University of Pennsylvania psychologists have overturned the dominant theory of how children learn their first words, suggesting that it occurs more in moments of insight than gradually through repeated exposure.
The research was conducted by postdoctoral fellow Tamara Nicol Medina and professors John Trueswell and Lila Gleitman all of the Department of Psychology in Penn's School of Arts and Sciences and Jesse Snedeker, a professor at Harvard University.
The current, long-standing theory suggests that children learn their first words through a series of associations; they associate words they hear with multiple possible referents in their immediate environment.
"This sounds very plausible until you see what the real world is like.It turns out it's probably impossible," said Gleitman.
To demonstrate this, the Penn team conducted three related experiments, all involving short video segments of parents interacting with their children.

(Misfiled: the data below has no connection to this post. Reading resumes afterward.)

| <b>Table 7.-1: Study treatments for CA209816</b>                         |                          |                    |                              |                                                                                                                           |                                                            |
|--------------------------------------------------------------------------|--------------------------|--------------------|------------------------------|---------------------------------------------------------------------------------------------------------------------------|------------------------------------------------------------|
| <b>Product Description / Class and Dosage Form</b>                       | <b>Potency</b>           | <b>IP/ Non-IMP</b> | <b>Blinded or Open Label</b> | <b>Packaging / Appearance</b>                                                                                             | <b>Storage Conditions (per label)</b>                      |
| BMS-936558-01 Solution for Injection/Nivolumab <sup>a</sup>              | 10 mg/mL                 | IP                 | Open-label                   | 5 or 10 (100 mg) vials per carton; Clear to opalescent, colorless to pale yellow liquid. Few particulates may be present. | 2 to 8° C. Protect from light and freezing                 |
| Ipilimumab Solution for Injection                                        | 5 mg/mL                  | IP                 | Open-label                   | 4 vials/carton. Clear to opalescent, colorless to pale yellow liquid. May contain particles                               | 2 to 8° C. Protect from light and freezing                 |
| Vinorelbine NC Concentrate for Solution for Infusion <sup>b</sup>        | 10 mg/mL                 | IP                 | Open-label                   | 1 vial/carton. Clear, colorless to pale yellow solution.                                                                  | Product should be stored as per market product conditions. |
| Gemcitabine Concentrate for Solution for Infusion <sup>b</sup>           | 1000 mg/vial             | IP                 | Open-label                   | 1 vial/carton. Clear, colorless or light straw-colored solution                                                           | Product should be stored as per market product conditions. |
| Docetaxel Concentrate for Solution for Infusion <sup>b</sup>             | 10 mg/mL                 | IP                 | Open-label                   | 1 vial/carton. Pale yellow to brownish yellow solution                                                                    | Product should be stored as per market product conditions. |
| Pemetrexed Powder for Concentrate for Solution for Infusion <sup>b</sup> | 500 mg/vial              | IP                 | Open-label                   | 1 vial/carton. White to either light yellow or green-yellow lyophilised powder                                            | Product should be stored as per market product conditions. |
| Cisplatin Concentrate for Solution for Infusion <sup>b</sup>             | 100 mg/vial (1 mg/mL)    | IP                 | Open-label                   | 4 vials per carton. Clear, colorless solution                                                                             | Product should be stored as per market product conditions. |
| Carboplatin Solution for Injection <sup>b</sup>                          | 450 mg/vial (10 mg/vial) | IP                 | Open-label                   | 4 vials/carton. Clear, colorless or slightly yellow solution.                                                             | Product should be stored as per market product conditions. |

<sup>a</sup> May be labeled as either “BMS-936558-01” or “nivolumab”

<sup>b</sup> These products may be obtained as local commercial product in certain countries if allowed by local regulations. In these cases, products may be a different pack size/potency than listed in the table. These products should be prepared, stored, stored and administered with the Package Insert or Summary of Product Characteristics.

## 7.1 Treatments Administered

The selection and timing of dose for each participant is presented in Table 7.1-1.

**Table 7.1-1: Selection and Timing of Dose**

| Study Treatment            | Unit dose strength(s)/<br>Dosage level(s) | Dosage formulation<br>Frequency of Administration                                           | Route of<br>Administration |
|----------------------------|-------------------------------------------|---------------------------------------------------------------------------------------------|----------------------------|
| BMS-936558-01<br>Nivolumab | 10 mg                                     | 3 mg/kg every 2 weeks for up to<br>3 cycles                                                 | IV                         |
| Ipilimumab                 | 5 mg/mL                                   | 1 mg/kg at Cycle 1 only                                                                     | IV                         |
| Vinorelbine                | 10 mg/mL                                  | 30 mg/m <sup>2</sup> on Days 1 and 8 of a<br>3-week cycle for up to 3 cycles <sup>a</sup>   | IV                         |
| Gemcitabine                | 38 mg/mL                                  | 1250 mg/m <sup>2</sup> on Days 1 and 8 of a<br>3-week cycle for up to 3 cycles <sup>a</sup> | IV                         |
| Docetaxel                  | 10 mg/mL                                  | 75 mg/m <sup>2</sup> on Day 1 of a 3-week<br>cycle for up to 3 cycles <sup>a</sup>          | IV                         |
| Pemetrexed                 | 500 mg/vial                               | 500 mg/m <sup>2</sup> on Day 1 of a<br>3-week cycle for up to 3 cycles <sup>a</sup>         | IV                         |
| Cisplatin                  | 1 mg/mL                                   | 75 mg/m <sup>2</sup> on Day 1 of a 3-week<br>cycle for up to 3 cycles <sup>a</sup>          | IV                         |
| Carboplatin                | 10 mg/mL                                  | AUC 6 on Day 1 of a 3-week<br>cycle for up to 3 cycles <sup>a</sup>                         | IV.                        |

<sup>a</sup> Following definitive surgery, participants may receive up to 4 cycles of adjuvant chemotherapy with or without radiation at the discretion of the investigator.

Subjects, both adults and preschool-aged children, watched these videos with the sound muted except for when the parent said a particular word which subjects were asked to guess; the target word was replaced with a beep in the first experiment and a nonsense placeholder word in the second and third.
By asking the subjects to guess the target word after each vignette, the research could get a sense of whether their understanding was cumulative or occurred in a "eureka" moment.
The evidence pointed strongly to the latter. Repeated exposure to the target word did not lead to improved accuracy over time, suggesting that previous associations hypotheses were not coming into play.
Moreover, it was only when subjects saw an HI vignette first did the accuracy of their final guesses improve; early HI vignettes provided subjects with the best opportunity to learn the correct word, and most guessed correctly when presented with them.
"It's as though you know when there is good evidence, you make something like an insightful conjecture," said Gleitman.
The study was published in the journal Proceedings of the National Academy of Sciences last week.